FIVE TRENDS TO INTEGRATE INTO YOUR WORKPLACE IN 2024
The office as a physical (and digital) space is continuing to transform with changes in working practices, hybrid working, and an emphasis on sustainability. What are FIVE ways to stay ahead of the curve, retaining employees and attracting new talent in the process?
With the average worker spending 90,000 hours at work in their lifetime, it is widely understood that creating an environment that fosters satisfaction and happiness pays dividends not just for staff, but for your organisation’s productivity too.
From cutting-edge technologies to new ways of working and collaborating, this piece explores the trends that will shape the workplace throughout 2024 and beyond.
A SLOW RETURN TO THE OFFICE
The ongoing prevalence of hybrid working has meant the five-day office commute is increasingly less common, evidence by Microsoft Teams calls and meetings increasing 10000% since the pandemic. With the vast number of benefits – commute times slashed, better work-life balance, not to mention less load on public transport – it’s little wonder why remote working is something people increasingly look for in prospective employers.
[A return to the office] is driven mainly by employees looking for social interaction and collaboration that is more effective in person.
Andrew Fullerton Smith,
General Manager of Sales, New Zealand
While it’s a trend, it’s not universal though. Some organisations have already begun “encouraging” mandatory returns, with Google factoring in office attendance into their employee reviews and Goldman Sachs ending their “Summer Fridays” in August 2023.
Andrew Fullerton Smith, General Manager of Sales in New Zealand for Crown Worldwide says this drive to reduce remote working is “driven mainly by employees looking for the social interaction and collaboration that is more effective in person.” Collaboration ideally helps to create a strong company culture, which is estimated to account for more than 30% of a company’s market value.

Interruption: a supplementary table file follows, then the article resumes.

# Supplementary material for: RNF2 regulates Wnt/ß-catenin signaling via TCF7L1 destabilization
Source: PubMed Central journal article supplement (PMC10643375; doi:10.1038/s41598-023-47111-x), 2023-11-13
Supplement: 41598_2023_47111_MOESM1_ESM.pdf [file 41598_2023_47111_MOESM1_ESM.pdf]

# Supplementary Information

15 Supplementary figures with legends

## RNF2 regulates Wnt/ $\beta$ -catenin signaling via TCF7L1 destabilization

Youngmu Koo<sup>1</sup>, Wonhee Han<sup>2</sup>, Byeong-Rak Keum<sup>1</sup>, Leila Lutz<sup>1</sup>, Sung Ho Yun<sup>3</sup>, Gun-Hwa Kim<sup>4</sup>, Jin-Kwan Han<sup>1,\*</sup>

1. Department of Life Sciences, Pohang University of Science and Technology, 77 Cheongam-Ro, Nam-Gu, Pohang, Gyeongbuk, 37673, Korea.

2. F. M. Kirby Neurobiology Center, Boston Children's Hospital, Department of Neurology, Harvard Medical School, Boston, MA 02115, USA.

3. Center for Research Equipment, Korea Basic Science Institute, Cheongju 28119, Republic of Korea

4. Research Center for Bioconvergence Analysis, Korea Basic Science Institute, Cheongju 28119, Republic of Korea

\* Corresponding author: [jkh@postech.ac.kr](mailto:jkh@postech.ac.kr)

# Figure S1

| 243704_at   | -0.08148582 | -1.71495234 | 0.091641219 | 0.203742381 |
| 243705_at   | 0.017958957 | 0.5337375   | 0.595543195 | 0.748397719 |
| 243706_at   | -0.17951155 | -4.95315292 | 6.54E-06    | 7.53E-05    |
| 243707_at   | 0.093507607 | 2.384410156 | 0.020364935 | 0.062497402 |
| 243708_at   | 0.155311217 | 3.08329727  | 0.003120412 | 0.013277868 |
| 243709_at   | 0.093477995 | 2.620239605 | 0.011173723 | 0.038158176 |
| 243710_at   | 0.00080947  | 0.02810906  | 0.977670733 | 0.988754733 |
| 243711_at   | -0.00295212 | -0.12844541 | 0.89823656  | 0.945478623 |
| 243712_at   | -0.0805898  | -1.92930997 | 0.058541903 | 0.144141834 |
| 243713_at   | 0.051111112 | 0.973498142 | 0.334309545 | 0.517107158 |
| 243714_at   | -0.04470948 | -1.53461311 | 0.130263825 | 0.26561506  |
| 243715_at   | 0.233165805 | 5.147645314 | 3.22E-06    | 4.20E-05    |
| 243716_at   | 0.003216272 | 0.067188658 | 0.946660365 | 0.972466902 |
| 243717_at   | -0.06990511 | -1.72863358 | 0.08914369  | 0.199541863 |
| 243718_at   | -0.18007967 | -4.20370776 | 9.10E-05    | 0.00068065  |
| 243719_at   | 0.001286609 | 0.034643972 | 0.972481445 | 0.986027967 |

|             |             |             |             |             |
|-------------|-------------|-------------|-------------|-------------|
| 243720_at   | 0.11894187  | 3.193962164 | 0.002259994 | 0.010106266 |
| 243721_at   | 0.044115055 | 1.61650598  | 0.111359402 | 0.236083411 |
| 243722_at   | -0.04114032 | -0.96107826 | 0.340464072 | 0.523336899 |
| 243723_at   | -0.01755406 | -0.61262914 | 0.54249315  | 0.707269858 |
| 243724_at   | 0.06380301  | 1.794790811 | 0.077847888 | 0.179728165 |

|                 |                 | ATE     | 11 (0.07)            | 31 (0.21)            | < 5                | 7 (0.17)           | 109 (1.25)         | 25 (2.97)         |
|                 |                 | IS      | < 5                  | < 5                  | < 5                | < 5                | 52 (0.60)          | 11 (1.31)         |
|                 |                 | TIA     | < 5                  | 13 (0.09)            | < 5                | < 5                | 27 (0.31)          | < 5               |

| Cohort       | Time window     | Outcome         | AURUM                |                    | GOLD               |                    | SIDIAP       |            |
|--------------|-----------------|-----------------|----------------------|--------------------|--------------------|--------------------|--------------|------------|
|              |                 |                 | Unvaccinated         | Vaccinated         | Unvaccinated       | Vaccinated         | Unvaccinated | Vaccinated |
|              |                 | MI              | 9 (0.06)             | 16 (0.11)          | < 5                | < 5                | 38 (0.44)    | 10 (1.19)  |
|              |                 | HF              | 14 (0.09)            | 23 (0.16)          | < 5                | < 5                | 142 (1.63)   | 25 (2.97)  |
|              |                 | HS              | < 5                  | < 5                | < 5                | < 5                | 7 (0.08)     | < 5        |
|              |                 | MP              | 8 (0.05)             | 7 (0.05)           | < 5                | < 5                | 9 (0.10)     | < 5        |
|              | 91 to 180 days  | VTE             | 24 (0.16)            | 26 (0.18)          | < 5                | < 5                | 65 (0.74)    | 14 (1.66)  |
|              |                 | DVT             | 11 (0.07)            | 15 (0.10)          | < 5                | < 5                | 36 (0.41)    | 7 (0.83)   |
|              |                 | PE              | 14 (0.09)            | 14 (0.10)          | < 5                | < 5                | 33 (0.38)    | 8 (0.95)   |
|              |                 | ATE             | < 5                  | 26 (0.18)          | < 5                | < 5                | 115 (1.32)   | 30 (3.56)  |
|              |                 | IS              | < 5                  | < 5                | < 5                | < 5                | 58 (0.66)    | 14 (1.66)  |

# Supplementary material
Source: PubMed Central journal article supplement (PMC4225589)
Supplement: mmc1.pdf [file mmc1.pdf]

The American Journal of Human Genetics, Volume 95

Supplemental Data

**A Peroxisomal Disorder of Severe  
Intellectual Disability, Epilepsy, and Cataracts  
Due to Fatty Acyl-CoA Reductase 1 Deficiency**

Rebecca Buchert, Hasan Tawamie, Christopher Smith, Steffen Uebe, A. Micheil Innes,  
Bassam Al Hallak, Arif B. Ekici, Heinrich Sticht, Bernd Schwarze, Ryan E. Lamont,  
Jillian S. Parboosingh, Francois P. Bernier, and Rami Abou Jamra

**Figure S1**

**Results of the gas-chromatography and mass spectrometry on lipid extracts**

Employers must now think creatively about the working model they wish to implement and what purpose the office serves, consequently making necessary changes to the environment. A return to the office means first and foremost consideration of space: is the size suitable for the forecast increased numbers? Does the office need more workstations, space optimisation, and so on? Alternatively, would a scheduling or hot-desking system work best to avoid claustrophobia in the workplace?
AN EMPLOYEE-CENTRIC WORKPLACE
The term “employee-centric” at first glance may seem like jargon, but proper definitions allude to profound and meaningful differences for employees in the workplace. Open offices, for example, have surprisingly demonstrated significant barriers regarding collaboration and communication, especially when incorporated with technology. Therefore, designing the office a space with employees in mind is a great opportunity to explore.
There are still lots of people working from home. Many are reluctant to return full-time as they’ve become used to not having to commute. Do we want to bring these people back, and if so, how are we going to do it?
Country Manager, Vietnam
An employee-centric environment presents itself as an atmosphere driven by positivity and support, and a traditional benefits and rewards scheme is certain to deliver this. Recognition not only compliments top talent but can generate motivation, boost productivity and teamwork, as well as improve workplace culture. Rewards must be delivered appropriately – these should be genuine rewards presented to recognise outstanding employee performance and value alignment with the company vision.
Facilitating a flexible working policy promotes healthy work-life balance among employees, meaning hybrid meeting rooms remain king. Businesses are similarly investing in physical well-being: on-site gyms, yoga rooms, and canteen areas, and also providing mental health resources and medical professionals.
To win employees back into the office, introduce aspects like those mentioned above, depending on what your employees need. Whether that be via collaboration areas to encourage cooperation, suitable parking, access to appropriate transportation links, or simply a space to get awat from screens. However, if continuing with a flexible working model, confirm that there is still an effective way to monitor performance.
BRINGING THE OUTSIDE, INSIDE
The significance of spending time in green spaces i swell understood: reduced stress levels, connecting with the local community, and an improved mood. It comes as no surprise that offices are beginning to incorporate “biophilic” designs into their office spaces.